When you have sex with a man, his penis can introduce bacteria by pushing it up the urethra and into the bladder during penetration. This is why it’s not just an old wives’ tale that it’s a good idea to urinate before and after sex. Urine flushes out the urthera, reducing the number of bacteria introduced to the bladder during intercourse.

Women who wear diaphrams have an increased chance of getting an UTI as the diaphragm presses next to the urethra, making emptying your bladder more difficult. Urine that stays in the bladder is more likely to grow bacteria and spread18.

How to Prevent UTIs

We have already discussed a few tips to reduce your risk of getting an UTI like wiping from front to back and urinating before and after sex to clean to keep the urethra free of bacteria like E coli that cause infections.  Here are some other healthy tips that can prevent infection.

Drink Plenty of Water. Water is important because our bodies use it to absorb key minerals, vitamins, amino acids, and glucose into cells and tissues to flush out toxins as well as regulate temperature19. As we flush toxins through our kidneys through urine, we are flushing the urethra ridding it of bacteria.   

Staying hydrated throughout the day will make you pee more frequently, flushing out your urinary tract, so DON’T HOLD IT. Women should drink around 2.7 liters (91 ounces) a day20 which is roughly 8 glasses.

Avoid Douching. Douching is a method of washing your vagina with a mixture of water and other solutions like vinegar or antiseptics, often with fragrances added. The mixture is delivered by using a bottle or bag that sprays the solution into your vagina. Between 20% to 40% of American women ages 15 to 44 use a vaginal douche, even higher in teens, African-American, and Hispanic women. Women who use douche say it makes them feel fresher by getting rid of unpleasant odors and removing menstrual blood after their period.21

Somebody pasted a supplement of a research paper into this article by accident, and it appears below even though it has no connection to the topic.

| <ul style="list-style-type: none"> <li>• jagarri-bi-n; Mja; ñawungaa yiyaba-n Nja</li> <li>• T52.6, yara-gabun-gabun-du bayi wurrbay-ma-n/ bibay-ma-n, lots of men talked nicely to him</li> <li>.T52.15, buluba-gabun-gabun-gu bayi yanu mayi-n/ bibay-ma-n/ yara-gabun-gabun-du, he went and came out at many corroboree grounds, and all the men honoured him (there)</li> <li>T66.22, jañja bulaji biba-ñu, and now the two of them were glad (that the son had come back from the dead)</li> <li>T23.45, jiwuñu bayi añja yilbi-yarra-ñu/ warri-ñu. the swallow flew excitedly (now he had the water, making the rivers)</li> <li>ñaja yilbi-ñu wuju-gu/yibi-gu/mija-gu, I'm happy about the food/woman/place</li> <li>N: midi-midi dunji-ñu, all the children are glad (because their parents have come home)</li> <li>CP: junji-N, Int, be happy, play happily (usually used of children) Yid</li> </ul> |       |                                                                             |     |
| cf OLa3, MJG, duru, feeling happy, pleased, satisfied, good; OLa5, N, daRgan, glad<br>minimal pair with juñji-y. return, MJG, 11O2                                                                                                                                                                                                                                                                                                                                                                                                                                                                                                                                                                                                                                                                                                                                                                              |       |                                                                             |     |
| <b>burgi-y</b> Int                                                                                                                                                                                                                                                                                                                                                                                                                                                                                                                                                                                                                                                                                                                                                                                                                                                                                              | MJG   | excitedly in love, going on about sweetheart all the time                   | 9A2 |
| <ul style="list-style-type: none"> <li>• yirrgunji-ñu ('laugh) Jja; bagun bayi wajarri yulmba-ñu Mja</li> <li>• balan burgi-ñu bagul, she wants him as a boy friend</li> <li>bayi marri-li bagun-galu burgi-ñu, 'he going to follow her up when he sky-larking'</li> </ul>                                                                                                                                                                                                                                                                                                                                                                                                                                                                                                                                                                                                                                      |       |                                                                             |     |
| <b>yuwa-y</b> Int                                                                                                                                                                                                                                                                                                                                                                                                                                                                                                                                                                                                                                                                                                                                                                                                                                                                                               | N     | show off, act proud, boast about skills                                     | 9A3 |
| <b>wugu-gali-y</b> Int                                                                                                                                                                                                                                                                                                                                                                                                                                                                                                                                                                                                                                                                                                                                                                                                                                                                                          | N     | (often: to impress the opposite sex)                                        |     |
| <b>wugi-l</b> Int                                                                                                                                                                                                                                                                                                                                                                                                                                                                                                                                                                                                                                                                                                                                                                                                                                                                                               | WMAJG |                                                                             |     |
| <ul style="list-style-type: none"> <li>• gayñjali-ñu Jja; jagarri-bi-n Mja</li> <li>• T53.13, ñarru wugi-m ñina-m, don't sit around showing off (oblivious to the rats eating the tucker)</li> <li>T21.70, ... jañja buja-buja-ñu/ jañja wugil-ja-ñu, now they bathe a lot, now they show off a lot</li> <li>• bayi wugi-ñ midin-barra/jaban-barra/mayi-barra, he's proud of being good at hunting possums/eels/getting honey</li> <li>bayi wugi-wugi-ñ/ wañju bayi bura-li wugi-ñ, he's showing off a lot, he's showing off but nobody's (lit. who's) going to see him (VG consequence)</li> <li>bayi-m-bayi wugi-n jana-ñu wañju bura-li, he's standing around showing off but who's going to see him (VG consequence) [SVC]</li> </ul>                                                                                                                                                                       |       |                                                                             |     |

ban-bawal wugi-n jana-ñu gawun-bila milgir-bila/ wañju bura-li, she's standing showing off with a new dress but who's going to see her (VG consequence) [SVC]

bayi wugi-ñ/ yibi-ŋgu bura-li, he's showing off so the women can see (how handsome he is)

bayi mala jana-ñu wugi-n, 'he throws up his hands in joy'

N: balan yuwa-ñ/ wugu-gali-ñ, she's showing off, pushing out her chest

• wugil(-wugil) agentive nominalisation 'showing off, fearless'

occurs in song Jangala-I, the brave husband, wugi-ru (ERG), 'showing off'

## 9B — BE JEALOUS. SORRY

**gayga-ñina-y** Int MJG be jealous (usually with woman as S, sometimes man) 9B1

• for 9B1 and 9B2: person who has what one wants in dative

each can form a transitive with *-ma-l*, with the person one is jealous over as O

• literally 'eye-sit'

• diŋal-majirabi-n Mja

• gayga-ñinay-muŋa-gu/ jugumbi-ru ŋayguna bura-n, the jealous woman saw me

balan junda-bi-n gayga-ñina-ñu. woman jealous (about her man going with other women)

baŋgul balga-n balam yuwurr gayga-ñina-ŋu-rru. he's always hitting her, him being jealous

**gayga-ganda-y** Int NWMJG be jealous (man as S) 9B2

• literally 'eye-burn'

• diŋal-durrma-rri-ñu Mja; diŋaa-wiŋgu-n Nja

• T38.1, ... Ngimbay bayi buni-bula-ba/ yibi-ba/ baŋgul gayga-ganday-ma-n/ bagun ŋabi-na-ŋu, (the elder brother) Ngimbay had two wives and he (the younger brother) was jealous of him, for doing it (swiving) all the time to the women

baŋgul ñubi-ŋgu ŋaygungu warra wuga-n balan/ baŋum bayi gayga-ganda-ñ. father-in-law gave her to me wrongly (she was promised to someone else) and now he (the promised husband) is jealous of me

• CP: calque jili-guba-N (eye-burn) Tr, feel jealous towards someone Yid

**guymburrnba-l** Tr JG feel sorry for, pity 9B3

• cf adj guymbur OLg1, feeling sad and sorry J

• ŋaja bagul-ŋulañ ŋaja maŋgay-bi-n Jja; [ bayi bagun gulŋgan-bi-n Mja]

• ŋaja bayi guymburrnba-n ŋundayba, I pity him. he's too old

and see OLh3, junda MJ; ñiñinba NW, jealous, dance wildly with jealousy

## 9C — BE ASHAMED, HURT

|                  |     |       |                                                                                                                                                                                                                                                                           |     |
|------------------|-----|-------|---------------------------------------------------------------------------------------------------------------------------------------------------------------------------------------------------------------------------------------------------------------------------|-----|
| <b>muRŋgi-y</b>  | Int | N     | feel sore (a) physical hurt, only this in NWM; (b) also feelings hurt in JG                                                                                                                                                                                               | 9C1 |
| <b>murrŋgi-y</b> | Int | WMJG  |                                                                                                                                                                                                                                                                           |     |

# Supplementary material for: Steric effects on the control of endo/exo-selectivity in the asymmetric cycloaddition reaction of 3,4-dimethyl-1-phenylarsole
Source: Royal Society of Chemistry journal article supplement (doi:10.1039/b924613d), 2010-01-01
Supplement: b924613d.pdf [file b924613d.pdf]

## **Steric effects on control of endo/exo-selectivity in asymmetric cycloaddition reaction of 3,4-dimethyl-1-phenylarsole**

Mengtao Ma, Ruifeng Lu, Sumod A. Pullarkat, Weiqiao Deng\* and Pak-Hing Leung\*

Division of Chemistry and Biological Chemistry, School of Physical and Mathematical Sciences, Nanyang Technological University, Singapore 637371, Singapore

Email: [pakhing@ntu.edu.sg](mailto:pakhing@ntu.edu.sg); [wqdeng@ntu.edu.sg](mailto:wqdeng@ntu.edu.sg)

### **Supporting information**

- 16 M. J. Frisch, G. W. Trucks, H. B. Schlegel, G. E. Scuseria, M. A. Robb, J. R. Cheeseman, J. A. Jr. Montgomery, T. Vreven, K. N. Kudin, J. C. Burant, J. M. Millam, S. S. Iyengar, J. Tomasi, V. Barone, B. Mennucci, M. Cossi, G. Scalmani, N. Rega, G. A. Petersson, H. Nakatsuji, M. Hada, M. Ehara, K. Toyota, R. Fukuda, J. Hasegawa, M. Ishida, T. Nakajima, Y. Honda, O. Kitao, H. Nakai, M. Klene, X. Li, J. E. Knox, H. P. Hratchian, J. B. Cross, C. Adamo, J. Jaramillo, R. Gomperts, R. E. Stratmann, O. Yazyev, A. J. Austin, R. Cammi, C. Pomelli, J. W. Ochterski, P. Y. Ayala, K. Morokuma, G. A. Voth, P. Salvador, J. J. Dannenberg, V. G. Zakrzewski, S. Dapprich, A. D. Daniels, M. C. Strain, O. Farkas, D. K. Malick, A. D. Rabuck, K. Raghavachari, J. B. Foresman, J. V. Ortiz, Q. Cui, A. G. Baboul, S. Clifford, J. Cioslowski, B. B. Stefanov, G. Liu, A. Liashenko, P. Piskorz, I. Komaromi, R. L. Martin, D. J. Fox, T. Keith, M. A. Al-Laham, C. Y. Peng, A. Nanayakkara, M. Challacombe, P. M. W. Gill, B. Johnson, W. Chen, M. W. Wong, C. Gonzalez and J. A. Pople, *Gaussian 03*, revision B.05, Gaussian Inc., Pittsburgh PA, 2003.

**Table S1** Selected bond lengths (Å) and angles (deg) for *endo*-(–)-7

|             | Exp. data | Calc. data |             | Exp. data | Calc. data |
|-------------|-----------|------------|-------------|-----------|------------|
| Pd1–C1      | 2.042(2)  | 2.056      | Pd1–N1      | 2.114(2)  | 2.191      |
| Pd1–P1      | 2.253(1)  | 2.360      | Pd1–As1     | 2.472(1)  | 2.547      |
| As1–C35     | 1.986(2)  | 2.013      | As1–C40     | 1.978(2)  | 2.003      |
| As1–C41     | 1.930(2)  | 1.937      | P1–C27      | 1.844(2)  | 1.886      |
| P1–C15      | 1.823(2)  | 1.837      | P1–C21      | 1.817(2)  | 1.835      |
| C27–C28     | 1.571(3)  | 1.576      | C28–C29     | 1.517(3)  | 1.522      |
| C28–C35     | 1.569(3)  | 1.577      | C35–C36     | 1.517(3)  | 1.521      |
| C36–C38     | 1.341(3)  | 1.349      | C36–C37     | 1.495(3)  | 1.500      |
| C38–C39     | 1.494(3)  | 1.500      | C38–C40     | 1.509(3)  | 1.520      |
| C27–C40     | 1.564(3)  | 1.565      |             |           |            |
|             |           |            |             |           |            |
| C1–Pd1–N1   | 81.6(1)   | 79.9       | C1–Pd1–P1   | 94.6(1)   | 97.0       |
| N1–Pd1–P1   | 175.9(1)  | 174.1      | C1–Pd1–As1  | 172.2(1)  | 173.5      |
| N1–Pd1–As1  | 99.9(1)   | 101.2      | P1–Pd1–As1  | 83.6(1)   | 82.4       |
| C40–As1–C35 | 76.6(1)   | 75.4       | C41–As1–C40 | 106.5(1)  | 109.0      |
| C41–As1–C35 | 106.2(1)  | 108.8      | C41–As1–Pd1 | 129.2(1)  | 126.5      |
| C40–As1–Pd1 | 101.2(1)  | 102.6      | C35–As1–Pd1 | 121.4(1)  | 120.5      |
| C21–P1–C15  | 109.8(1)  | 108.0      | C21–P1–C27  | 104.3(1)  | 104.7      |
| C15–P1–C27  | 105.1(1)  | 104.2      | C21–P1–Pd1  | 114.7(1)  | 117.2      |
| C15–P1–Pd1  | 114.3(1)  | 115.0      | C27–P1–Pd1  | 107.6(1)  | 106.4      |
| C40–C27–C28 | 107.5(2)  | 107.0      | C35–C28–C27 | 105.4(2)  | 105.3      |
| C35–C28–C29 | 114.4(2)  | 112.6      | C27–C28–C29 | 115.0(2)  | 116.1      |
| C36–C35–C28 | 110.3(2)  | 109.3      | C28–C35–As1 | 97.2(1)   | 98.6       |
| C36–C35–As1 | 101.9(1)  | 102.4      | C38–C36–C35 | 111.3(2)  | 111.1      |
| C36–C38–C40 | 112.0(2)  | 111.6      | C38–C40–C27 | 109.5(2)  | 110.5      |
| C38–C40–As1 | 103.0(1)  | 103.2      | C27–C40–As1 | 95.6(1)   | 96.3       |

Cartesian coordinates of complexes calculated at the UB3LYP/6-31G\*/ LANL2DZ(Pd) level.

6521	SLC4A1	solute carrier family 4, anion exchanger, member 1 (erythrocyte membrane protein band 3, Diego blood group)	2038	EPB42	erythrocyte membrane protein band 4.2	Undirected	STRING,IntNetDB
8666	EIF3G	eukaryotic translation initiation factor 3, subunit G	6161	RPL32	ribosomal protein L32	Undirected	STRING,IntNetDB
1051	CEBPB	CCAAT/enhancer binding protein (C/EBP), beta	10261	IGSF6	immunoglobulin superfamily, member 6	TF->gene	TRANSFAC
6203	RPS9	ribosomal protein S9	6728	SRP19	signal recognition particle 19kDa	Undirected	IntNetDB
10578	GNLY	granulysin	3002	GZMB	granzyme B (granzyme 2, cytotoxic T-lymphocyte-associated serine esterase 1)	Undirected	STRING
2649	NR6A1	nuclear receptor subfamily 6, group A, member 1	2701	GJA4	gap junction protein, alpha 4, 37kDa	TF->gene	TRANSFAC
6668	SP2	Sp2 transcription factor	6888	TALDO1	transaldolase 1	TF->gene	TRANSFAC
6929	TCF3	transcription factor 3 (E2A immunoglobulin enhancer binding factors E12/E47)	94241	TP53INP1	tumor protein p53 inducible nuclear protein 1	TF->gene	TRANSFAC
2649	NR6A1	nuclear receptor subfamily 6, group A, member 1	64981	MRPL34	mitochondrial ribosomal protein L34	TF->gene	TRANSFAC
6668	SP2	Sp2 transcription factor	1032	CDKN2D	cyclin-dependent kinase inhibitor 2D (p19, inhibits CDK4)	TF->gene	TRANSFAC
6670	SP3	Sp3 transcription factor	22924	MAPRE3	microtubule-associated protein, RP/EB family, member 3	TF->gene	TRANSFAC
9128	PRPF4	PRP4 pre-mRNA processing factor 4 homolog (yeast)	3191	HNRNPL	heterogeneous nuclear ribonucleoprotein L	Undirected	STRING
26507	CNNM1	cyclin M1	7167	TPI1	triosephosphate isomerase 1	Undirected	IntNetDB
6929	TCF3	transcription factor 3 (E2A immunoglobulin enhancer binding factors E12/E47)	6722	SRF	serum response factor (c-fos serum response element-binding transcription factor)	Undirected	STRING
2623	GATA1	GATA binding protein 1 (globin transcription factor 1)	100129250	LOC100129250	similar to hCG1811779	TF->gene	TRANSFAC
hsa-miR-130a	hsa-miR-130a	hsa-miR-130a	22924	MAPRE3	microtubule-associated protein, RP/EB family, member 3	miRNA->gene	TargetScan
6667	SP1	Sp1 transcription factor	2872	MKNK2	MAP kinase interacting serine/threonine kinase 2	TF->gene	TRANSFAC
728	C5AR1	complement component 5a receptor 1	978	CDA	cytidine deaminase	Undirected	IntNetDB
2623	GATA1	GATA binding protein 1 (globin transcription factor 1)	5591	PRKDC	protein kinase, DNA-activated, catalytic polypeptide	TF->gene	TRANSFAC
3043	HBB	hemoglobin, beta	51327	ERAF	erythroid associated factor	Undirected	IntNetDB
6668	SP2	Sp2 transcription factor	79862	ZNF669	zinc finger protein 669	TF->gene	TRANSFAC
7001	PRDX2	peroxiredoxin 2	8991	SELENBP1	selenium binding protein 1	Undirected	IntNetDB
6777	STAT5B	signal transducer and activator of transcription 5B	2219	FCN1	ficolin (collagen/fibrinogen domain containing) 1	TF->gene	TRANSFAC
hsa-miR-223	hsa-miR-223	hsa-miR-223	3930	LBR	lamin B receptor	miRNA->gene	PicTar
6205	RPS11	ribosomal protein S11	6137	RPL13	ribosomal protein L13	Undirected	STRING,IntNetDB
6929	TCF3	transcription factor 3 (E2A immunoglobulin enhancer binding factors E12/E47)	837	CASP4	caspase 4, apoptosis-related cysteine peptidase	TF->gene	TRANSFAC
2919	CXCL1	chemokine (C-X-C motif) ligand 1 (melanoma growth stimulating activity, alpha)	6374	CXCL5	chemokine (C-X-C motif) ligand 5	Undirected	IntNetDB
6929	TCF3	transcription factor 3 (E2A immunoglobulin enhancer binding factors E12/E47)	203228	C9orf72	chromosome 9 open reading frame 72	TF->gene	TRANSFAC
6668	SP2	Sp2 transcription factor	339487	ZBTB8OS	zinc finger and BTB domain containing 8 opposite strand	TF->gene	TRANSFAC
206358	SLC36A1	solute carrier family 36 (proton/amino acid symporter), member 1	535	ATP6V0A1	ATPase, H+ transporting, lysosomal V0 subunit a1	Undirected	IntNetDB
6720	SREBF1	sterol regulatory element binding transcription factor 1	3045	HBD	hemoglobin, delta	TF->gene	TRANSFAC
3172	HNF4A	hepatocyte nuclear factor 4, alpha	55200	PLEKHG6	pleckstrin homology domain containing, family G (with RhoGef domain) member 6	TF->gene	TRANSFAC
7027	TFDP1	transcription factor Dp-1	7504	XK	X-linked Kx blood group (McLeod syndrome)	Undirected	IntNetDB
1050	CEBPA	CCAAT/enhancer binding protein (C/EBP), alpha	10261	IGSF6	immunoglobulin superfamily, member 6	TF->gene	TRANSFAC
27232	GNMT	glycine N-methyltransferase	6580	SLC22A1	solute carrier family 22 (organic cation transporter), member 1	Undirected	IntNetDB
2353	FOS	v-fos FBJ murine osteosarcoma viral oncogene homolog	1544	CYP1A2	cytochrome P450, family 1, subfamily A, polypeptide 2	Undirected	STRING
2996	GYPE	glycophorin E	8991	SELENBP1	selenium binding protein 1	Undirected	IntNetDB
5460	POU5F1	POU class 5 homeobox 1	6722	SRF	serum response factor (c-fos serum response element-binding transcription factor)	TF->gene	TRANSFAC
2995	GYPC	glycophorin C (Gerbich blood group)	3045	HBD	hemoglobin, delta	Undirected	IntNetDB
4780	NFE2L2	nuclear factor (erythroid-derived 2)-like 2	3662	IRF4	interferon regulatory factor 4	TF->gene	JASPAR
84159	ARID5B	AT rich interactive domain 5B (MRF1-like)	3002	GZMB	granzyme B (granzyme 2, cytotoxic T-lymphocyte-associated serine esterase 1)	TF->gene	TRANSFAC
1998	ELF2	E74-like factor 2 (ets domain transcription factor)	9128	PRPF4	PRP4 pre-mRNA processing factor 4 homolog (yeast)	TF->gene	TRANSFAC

But, health experts find douching is not effective and while it may wash out the bad bacteria that could cause a UTI it also washes out lactobacillius, the good bacteria. This affects the pH balance in the vagina which actually makes it easier for more of the bad bacteria to grow and spread into the urethra.22

Cleaning your vagina is obviously still important, but try this alternative to douching23:

  • Use a non-fragranced soap/wash
  • Gently hold the outer folds of your vagina back and rinse or splash with water
  • Do not scrub the area or get soap/washes inside your vagina
  • Rinse thoroughly afterward
  • Gently pat dry with a clean towel

Also, if you get UTI’s frequently, you should avoid baths and try switching to showers. Bath water can collect bacteria from your skin and allow for easy entry into your vagina and urethra.24

Loose and Cotton Pants. Athleisure clothing has gained in popularity over the past decade – and continues to grow year over year. We have never had so many comfortable options of leggings, sweatpants and underwear that we can wear to the gym and also suitable for school, work and day-to-day living.